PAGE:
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BIOECONOMY: A NEW FRONTIER FOR AGRICULTURE
Biotechnology is being applied to a range of market opportunities, from the creation of insect-resistant and herbicide-tolerant crops to the development of new pharmaceuticals that target complex diseases. On the horizon, blue sky research is focused on the development of DNA-based computing.

But uncertainty still exists concerning where the greatest value creation potential ultimately will lie. History has often demonstrated that the wealth of new technologies is found far afield of initial market targets. While the consensus view that ag biotech's greatest value will be generated within food-oriented markets is easy to adopt, we may find that even more compelling value could emerge in unconventional sectors.

Value Creation In Agriculture

Today, both the market and research pipeline of plant biotechnology emphasize input traits that create value at the farm gate, reflecting two key factors: 1) weed and insect control in major crops constitute large, predictable, global markets; and 2) the simple value capture of these markets is based on conventional cost displacement economics that are clearly related to the value of today's pesticides and to yield losses. Both the input-oriented traits now on the market - and the agronomic traits that target environmental stresses such as drought and cold, which could become a reality in the next five to seven years - are tactical value drivers. Their business values will continue to be defined through conventional cost frameworks.

But agriculture is at the threshold of a new frontier defined by value creation waves that reach out to novel markets and span the global economy. Output-oriented traits create value downstream from the farm gate and expect to be commercialized over the next three to five years. Output traits focus on adding value for downstream end users - including industrial purchasers and consumers - through specification and differentiation. They are the strategic drivers that will redefine agriculture's value creation potential.

Industrial Markets: The Real Value Driver

Output traits under development include oilseed crops with improved consumer nutritional profiles and grains that enhance livestock feed efficiency. And the use of plants as biofactories to produce human pharmaceutical proteins, or as vehicles for novel industrial proteins, is just beyond the commercial horizon.

As a whole, these technologies could dramatically expand the value creation potential of agriculture across a range of sectors. Some of these sectors, such as those developing industrial biomaterials and bioenergy, are not now directly related to agriculture. But novel ag biotech applications could alter product economics at the end-user level, offering compelling cost-value characteristics. Changes to our industrial economic base could be revolutionary in scope as we move towards a "carbohydrate-based economy." Industrial uses for ag biotech could dwarf the current focus on food, medical and other health-related uses.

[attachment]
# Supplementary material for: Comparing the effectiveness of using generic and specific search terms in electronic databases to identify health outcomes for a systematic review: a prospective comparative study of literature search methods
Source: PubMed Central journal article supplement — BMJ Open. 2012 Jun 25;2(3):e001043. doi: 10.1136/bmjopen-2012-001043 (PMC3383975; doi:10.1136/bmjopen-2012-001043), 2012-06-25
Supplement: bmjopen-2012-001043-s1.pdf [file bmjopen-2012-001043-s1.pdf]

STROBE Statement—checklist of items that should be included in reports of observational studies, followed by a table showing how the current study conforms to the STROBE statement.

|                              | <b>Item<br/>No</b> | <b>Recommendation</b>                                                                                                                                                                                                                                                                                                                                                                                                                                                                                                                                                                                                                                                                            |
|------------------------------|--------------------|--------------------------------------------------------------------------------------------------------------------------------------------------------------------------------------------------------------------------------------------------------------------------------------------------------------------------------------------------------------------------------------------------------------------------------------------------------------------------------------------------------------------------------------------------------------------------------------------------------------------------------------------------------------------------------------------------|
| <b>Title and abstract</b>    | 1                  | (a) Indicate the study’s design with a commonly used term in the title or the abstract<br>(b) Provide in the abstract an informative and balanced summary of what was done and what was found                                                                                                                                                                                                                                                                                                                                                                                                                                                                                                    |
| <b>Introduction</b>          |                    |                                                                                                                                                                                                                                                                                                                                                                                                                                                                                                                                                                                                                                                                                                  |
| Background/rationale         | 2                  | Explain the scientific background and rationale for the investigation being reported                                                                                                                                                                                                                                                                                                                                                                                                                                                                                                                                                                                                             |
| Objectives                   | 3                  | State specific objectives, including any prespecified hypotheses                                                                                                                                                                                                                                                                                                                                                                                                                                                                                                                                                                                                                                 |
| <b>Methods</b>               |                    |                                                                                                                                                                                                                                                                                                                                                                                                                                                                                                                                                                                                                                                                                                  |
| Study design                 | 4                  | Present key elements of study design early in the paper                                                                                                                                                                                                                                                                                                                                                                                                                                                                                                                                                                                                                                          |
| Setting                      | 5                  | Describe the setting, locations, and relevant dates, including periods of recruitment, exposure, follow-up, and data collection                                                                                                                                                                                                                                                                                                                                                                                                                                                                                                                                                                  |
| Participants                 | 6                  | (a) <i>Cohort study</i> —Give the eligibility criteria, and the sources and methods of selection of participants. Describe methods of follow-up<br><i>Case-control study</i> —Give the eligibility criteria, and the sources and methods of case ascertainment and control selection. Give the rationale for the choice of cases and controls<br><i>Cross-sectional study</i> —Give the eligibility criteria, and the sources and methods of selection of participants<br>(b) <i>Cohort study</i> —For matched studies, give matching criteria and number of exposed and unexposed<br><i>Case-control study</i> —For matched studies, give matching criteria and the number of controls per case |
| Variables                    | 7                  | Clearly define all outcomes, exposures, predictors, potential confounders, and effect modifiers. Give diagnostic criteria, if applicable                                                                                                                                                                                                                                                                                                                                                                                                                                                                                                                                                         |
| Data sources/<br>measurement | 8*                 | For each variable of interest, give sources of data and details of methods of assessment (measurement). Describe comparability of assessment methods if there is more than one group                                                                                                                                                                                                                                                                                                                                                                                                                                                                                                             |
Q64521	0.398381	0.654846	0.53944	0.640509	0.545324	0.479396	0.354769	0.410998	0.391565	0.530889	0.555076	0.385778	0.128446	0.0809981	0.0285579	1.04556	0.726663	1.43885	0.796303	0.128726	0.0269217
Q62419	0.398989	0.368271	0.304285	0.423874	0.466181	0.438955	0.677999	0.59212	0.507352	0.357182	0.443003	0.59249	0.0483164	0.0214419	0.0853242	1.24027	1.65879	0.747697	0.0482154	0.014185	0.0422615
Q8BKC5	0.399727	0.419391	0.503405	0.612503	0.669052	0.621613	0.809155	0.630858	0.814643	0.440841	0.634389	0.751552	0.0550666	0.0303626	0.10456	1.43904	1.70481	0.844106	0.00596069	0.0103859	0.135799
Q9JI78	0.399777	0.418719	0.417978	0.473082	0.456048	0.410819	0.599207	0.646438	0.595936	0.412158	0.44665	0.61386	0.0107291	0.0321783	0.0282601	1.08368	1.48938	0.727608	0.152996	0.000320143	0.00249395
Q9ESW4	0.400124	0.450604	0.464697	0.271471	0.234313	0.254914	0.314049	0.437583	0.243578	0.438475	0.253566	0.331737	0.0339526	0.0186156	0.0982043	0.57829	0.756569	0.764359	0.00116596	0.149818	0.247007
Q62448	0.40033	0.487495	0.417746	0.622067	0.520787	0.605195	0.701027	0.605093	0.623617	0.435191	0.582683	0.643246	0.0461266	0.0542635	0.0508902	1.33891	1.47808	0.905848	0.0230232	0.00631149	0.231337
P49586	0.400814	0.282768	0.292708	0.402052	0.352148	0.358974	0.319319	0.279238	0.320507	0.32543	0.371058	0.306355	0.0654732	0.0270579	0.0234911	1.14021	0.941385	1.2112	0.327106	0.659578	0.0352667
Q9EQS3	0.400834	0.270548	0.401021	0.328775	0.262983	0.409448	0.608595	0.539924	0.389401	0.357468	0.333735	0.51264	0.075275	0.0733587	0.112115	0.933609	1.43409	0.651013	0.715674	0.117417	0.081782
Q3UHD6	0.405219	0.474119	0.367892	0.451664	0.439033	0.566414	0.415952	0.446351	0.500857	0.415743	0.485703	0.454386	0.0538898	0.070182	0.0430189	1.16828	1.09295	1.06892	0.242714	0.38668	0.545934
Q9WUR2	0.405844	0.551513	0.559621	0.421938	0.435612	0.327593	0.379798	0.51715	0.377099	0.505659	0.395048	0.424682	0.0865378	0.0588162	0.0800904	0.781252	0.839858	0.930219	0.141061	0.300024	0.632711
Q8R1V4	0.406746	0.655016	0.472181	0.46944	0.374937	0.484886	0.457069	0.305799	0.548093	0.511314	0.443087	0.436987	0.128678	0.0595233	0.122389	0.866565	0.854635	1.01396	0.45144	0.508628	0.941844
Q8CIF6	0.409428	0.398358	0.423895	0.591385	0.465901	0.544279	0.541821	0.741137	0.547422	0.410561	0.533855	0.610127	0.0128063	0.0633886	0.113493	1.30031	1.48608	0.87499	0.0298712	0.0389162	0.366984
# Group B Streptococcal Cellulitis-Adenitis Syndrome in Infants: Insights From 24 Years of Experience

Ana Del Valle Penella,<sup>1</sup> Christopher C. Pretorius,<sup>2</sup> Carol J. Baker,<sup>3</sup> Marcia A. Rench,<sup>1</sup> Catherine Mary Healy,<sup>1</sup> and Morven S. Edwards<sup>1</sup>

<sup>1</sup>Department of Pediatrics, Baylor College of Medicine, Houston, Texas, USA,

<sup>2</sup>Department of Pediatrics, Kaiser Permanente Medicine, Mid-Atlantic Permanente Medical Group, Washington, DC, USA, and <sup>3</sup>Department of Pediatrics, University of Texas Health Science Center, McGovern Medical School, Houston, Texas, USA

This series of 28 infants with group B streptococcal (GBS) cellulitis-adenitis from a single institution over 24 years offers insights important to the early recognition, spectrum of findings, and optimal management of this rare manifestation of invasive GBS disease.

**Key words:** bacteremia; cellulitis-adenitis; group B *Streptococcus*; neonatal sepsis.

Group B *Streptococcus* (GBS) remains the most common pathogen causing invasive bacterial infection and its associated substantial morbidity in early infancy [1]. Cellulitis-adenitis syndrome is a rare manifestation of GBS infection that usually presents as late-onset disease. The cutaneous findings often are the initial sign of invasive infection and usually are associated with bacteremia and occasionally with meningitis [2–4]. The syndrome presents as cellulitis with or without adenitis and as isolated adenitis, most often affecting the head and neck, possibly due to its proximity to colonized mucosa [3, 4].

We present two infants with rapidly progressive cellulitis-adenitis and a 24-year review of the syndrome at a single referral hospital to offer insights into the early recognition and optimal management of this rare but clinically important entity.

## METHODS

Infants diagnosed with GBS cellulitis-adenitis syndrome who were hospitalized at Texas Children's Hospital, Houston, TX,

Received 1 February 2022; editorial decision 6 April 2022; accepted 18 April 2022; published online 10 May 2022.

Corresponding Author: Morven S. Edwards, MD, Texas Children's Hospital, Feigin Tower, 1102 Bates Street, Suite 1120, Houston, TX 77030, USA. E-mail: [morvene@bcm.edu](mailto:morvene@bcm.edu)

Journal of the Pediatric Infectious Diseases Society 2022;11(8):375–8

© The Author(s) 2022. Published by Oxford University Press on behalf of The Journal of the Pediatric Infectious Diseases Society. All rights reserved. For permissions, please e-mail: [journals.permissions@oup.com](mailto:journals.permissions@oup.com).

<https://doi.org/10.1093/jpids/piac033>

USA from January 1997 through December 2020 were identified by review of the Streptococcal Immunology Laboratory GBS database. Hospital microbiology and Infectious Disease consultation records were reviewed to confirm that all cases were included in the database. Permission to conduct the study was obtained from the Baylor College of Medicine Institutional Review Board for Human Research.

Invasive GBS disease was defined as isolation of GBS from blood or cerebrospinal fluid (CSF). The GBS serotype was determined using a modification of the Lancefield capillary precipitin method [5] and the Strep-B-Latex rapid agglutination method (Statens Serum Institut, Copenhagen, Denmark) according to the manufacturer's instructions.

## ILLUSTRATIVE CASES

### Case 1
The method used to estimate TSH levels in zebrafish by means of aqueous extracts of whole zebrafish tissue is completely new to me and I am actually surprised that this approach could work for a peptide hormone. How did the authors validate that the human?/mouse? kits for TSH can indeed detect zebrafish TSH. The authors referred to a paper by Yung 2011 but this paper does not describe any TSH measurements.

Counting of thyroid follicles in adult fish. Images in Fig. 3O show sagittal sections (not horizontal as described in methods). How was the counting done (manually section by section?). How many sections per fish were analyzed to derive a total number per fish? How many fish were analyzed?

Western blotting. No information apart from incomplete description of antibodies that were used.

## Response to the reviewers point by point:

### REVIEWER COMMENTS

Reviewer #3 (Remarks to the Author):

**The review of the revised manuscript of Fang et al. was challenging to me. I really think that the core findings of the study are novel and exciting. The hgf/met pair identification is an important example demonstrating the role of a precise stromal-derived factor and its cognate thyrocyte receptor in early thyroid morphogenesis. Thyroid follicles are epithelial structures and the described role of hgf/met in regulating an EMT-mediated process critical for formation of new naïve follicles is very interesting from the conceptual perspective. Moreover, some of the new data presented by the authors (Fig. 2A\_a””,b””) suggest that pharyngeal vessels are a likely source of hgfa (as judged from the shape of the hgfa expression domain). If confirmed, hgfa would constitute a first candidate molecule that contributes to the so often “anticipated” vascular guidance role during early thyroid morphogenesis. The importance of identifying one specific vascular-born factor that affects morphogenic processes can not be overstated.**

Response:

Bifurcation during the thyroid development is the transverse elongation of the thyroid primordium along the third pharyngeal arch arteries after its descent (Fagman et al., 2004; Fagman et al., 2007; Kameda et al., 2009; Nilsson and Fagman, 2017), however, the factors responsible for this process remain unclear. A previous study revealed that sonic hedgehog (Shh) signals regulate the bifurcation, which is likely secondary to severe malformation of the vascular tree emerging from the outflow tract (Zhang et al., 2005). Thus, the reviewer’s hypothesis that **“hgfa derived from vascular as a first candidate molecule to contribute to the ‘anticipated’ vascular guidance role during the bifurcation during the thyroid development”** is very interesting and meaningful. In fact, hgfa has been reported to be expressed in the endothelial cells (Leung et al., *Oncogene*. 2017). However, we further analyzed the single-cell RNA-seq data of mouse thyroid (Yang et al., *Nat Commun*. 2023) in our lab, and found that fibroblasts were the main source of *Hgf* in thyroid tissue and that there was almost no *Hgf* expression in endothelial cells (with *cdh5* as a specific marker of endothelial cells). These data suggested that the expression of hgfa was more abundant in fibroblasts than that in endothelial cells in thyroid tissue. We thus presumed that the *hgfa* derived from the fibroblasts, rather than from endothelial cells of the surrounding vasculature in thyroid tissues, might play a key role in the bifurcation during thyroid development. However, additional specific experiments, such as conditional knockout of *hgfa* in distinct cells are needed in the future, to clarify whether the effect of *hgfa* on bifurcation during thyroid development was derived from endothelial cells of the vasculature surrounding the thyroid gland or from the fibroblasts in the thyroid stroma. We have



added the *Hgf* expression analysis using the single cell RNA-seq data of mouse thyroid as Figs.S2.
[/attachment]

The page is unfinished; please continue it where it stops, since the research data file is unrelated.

The new product and process dynamics derived from output traits have the potential to catalyze a structural transformation of agricultural production, logistics and value by shifting agriculture's cost-driven, commodity orientation toward a focus on value-added customization. The commercialization of output traits may also raise new challenges pertaining to business models and corporate structures, where creating and capturing value are concerned.

The Bottom Line

Forward-looking corporate leadership has led several companies to develop markets in value-added traits for food, feed and nutrition applications. The production of pharmaceuticals from plants has been targeted by a number of large companies, including Monsanto and Syngenta, as well as small companies such as Epicyte, Ventria BioSciences and Meristem Therapeutics.

While direct production of biomaterials in plants remains years away due to technical hurdles, numerous companies are involved in the first phase of development utilizing metabolic engineering-derived bioenzymes to convert corn into biopolymers. Included are a Cargill-Dow Chemical joint venture and DuPont. Both Dow Chemical and DuPont are strategically focused on developing plant-based biomaterials to create a sustainable raw materials platform that would enhance cost-value effectiveness over the long term.

In the future, the ability to create and capture value-added from output-derived ag biotech traits will be built on vision, innovation and, most importantly, the ability to demonstrate sustainable value capture in downstream markets. Success will stem from changing mindsets, particularly in the ways people think about ag's value creation potential and its structural links to the broad economy.

San M. Shimoda is president of BioScience Securities Inc., an institutional research and investment banking firm located in the San Francisco Bay area. E-mail: sano@bioscience-securities.com


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